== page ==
Abuja: Nigerian President Goodluck Jonathan on Sunday ordered a stepped-up drive to free 223 schoolgirls whose abduction by suspected Islamists has ignited a global outcry, as two girls who escaped told of their dead-of-night ordeal.
Jonathan has come under mounting pressure since gunmen believed to be Boko Haram extremists stormed the girls' boarding school on April 14, forcing them from their dormitories onto trucks and driving them into the bush.
Anger at his government's ineffectual response has fuelled protests at home and abroad, including in New York where dozens of Nigerians staged a demonstration on Saturday demanding that more action be taken.
"The president has given very clear directives that everything must be done to ensure that these girls must be brought back to safety," his spokesman Reuben Abati told reporters after closed-door talks on the mass abduction.
The meeting brought together for the first time all key players in the search for the missing girls, from Nigeria's military and security service chiefs to Borno state's governor and police chief, and the head of the girls' school in Chibok.
Until now Jonathan had conferred only with his security chiefs.
The Nigerian government said it has set up a committee, presided over by a senior army general, to advise on a mission to secure the release of the girls who are generally between 16 and 18 years old.
Police on Friday said kidnappers were still holding 223 out of 276 girls seized from the northeastern school - higher than previous estimates of the number being held.
A Nigerian newspaper Sunday published an interview with two of the girls who got away, who told of their abduction and "desperate" escape.
"They came into our school and deceived us into believing they were soldiers," Thabita Walse told The Sunday Punch.
"They were dressed in military uniform," she said. When they discovered the truth, "it was already too late and there was little we could do."
"They were shouting and rude," fellow student Amina Sawok told the paper. "That was when it became clear to us that they were insurgents.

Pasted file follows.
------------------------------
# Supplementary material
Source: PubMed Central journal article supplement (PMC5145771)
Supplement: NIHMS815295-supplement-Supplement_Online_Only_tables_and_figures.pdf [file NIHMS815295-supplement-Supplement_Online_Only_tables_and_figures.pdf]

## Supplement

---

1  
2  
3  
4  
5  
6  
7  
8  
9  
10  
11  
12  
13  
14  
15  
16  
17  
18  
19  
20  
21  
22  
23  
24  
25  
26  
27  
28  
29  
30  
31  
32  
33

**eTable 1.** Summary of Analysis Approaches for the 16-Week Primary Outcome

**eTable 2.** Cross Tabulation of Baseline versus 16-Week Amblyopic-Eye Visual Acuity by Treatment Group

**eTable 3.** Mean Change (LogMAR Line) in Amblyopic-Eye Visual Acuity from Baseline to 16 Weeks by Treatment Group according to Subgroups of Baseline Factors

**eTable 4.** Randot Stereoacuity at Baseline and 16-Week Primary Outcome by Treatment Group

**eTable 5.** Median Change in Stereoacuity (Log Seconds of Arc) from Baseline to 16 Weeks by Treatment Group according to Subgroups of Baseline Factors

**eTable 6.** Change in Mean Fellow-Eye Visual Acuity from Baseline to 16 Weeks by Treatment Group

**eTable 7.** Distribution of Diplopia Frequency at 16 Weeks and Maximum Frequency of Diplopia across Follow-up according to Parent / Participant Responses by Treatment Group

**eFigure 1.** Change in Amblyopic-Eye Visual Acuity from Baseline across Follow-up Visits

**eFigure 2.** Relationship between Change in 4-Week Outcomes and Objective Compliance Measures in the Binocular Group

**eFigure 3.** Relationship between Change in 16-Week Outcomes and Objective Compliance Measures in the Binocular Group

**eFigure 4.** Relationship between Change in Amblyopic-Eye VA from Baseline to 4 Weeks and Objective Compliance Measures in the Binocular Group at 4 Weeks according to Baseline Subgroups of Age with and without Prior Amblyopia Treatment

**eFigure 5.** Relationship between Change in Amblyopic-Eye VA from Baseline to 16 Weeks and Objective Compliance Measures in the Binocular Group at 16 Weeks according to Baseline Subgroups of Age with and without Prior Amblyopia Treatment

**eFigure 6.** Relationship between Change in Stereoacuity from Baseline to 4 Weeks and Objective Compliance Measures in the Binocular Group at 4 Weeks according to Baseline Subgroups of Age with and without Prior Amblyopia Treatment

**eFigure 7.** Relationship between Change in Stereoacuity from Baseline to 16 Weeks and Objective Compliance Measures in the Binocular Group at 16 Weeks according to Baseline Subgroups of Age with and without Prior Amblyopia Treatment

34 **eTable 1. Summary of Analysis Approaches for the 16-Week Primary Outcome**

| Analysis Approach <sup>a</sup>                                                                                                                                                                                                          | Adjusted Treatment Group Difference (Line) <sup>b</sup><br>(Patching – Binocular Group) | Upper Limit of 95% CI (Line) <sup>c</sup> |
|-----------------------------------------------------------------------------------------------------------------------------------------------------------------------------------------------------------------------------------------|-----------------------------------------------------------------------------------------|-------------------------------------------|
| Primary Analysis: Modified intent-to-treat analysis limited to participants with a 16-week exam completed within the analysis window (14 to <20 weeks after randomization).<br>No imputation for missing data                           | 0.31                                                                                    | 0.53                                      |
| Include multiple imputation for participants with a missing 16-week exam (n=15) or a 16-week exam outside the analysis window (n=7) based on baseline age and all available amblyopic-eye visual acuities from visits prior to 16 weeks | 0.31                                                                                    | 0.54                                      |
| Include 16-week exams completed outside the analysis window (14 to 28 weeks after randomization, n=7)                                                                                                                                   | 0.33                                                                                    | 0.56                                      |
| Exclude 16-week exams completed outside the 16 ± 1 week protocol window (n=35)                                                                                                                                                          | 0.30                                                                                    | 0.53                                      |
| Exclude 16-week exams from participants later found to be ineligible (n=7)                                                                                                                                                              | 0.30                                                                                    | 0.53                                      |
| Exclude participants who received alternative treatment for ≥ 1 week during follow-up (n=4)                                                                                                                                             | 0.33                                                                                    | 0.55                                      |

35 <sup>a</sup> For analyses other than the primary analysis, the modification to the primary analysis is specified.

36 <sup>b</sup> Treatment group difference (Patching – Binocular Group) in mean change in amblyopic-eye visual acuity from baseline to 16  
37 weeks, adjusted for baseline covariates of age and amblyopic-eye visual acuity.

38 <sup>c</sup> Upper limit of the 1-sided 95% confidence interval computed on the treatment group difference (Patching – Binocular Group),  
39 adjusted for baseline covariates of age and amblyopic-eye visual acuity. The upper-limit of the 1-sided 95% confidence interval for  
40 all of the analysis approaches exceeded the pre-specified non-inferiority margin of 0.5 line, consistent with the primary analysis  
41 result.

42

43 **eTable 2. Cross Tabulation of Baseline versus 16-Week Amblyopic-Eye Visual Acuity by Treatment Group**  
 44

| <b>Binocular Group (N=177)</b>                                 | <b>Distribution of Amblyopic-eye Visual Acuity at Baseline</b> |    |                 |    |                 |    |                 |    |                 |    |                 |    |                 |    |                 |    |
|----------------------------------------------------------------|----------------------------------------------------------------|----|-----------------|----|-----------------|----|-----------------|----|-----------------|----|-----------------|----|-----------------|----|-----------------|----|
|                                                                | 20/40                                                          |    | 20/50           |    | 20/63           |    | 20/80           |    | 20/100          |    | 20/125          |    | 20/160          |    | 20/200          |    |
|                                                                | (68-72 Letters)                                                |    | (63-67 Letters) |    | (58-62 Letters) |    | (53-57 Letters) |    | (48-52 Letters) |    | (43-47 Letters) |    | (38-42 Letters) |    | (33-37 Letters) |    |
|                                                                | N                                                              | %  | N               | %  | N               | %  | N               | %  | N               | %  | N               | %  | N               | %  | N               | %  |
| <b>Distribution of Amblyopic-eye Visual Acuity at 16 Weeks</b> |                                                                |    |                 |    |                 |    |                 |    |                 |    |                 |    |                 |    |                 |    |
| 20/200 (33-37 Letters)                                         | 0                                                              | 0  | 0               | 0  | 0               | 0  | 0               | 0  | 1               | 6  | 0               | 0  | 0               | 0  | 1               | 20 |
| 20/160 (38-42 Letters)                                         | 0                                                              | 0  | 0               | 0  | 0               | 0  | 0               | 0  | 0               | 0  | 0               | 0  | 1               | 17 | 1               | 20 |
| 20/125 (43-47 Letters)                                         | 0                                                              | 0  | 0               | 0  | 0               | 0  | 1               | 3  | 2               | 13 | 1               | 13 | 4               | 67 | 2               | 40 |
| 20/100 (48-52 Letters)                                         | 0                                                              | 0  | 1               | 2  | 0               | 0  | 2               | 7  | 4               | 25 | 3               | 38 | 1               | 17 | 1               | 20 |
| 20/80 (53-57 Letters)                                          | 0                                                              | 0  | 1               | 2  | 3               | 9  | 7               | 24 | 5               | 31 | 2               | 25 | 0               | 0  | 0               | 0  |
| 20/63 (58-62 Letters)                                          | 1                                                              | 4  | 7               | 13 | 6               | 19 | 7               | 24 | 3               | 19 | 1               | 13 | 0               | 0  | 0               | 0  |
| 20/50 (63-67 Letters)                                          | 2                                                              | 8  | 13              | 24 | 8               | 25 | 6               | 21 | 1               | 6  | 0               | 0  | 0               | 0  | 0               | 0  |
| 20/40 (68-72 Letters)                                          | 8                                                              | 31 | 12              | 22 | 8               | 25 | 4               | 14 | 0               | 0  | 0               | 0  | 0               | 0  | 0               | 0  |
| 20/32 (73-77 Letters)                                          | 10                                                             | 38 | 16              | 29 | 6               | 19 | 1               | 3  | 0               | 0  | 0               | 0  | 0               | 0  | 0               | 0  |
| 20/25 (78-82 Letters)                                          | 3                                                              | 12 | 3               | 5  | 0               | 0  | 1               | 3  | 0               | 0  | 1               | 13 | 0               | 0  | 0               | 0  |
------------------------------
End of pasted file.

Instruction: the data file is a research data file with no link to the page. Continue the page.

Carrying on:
"Then they started shooting and set our school on fire."
'I became desperate'
Both girls told of how they summoned the courage to jump off the trucks driving them into the bush.
"Our vehicle developed a problem and they were forced to stop. I took the opportunity with some girls to run into a dark bush," Walse told the paper.
"I have heard a lot about Boko Haram, the bad things they do and how they have killed many people in the state," said Sawok. "I was afraid and I became desperate."
"I felt getting to their camp could be dangerous for me, and it would be better if I escaped. That gave me the courage to jump out.
"Immediately one of us jumped out, the rest of us just started following her."
The independent newspaper published the pictures of the two girls who said they were unharmed.
"I am OK and very strong physically," said Walse. "The only problem I have is that some of my friends are still held hostage by terrorists."
Boko Haram's name translates as "Western education is forbidden", and it has repeatedly attacked schools during an insurgency aimed at creating a strict Islamic state in mainly Muslim northern Nigeria.
The Islamists have set schools on fire, massacred students in their sleep and detonated bombs at university campus churches, but a massive kidnapping specifically targeting girls is unprecedented.
The abduction is one of the most shocking attacks in Boko Haram's five-year uprising, which has left 1,500 people dead this year alone.
A car bombing in Nigeria's capital Abuja on Thursday that killed 19 has fuelled fears the Islamist group may be shifting its focus outside of its historic base in Nigeria's remote northeast.
Desperate parents have called for Nigeria to seek foreign help to secure the girls' release.
US Secretary of State John Kerry vowed Saturday that Washington would do "everything possible" to help Nigeria deal with Boko Haram militants and bring the children home.